Last week, Jeremy Jacobs posted an interesting article about the U.S. Supreme Court’s recent decision in Horne v. Dep’t of Agriculture, No. 14-275 (U.S. Jun. 22, 2015), and its potential application to Endangered Species Act (ESA) jurisprudence. (See Raisin ruling seen as lifeline for endangered species, published by Greenwire on August 19, 2015). In Horne, the U.S. Supreme Court held, in an 8-1 decision, that the forced appropriation of a portion of a farmer’s raisin crop qualified as a clear physical taking requiring compensation under the Fifth Amendment to the U.S. Constitution. Writing the decision for the majority, Chief Justice Roberts distinguished the raisin farmer’s situation from the oyster farmer’s situation addressed in Leonard & Leonard v. Earle, 279 U.S. 392 (1929), explaining that unlike the raisins at issue in Horne, the oysters at issue in Leonard belonged to the state, and therefore requiring the oyster farmer to turn over a percentage of the shucked shells did not result in a taking of private property requiring compensation under the Fifth Amendment. Mr. Jacobs’ article focuses on this aspect of Horne, and asks whether Chief Justice Roberts breathed new life into a potential takings defense for ESA determinations and regulations. Specifically, did Chief Justice Roberts’ decision resuscitate the concept of public ownership of wild animals? If it did, at least one individual quoted in the article opines that the concept could be used to justify regulating activities on private property (e.g., prohibiting construction that directly impacts a listed species), or limiting use of a related resource (e.g., regulating the flow of water for the benefit of ESA protected fish species), all without running afoul of the Fifth Amendment. Notably, however, the majority of those quoted in the article caution that Chief Justice Roberts’ statement should not be read to apply beyond its limited facts. While I personally find the latter position to be the more compelling of the two, I also anticipate that the Government will be raising the defense in the not too distant future.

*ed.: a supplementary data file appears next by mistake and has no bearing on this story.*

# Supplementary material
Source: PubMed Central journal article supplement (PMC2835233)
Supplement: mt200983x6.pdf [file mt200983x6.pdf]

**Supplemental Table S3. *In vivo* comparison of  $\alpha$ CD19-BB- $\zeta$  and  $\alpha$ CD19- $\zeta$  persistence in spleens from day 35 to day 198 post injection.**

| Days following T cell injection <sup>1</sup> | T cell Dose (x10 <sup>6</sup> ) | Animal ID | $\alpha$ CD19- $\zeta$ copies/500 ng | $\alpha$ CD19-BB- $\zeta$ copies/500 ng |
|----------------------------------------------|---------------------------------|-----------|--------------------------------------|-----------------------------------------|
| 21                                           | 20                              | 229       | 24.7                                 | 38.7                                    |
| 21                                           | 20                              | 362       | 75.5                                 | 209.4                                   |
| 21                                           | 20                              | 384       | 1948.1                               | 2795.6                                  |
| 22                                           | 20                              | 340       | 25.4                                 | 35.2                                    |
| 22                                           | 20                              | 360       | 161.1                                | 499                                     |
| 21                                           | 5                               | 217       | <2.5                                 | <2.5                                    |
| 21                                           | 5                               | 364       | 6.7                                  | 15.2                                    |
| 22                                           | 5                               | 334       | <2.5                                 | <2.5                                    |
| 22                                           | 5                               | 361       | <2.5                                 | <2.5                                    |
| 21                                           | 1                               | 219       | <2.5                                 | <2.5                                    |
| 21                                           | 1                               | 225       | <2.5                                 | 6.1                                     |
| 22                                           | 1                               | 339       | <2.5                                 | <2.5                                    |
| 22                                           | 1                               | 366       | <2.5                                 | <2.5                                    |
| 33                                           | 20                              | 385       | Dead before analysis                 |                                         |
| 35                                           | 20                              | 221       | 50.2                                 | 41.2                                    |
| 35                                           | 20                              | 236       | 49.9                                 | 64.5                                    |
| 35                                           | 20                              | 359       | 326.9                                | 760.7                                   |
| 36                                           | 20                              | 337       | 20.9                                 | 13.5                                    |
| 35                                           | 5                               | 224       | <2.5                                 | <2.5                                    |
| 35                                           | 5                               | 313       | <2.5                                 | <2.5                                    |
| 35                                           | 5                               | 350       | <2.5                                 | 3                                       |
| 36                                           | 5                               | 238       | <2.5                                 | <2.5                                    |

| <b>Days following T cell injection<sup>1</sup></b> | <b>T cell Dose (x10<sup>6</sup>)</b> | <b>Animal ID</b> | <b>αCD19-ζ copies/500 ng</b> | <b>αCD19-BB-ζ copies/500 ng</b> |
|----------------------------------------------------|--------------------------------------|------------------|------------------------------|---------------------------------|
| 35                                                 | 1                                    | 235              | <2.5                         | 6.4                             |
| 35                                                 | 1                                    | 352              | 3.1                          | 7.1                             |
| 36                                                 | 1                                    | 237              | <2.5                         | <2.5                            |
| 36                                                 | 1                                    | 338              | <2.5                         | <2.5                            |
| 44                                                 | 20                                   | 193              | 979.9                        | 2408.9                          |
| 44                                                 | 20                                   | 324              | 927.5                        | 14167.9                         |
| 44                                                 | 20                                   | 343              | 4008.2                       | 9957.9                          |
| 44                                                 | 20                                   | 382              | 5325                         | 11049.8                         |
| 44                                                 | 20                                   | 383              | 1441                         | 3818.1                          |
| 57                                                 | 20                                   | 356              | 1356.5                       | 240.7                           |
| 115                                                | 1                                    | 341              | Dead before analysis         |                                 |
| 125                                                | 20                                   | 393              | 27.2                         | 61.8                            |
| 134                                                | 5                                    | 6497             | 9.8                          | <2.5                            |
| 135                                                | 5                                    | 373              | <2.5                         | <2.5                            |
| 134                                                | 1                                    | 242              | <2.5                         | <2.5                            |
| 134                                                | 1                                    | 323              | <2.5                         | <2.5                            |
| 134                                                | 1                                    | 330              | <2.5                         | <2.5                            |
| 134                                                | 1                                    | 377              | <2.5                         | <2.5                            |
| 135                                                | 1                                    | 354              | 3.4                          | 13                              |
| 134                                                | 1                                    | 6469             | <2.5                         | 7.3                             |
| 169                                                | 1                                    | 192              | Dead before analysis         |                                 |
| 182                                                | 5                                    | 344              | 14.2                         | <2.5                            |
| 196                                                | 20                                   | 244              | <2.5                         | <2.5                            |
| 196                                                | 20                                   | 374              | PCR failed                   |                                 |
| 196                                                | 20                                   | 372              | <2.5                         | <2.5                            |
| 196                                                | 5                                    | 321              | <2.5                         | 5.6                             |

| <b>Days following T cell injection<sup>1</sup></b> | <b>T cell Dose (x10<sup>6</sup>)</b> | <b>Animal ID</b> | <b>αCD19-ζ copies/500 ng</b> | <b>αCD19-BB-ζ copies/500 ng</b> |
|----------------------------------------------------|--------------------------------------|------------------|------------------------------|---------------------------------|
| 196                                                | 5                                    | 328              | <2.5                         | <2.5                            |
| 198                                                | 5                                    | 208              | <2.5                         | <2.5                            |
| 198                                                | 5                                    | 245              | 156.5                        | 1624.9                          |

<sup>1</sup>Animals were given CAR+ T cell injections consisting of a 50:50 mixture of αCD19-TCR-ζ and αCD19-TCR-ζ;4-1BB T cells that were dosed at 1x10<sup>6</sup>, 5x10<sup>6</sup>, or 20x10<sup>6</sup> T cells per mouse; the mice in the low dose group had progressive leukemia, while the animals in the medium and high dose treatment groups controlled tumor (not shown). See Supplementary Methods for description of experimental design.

Ben Rubin assists developers, public agencies, landowners and corporate clients on a variety of complex land use and environmental matters. He counsels clients on matters dealing with the Federal and State Endangered Species Act ...
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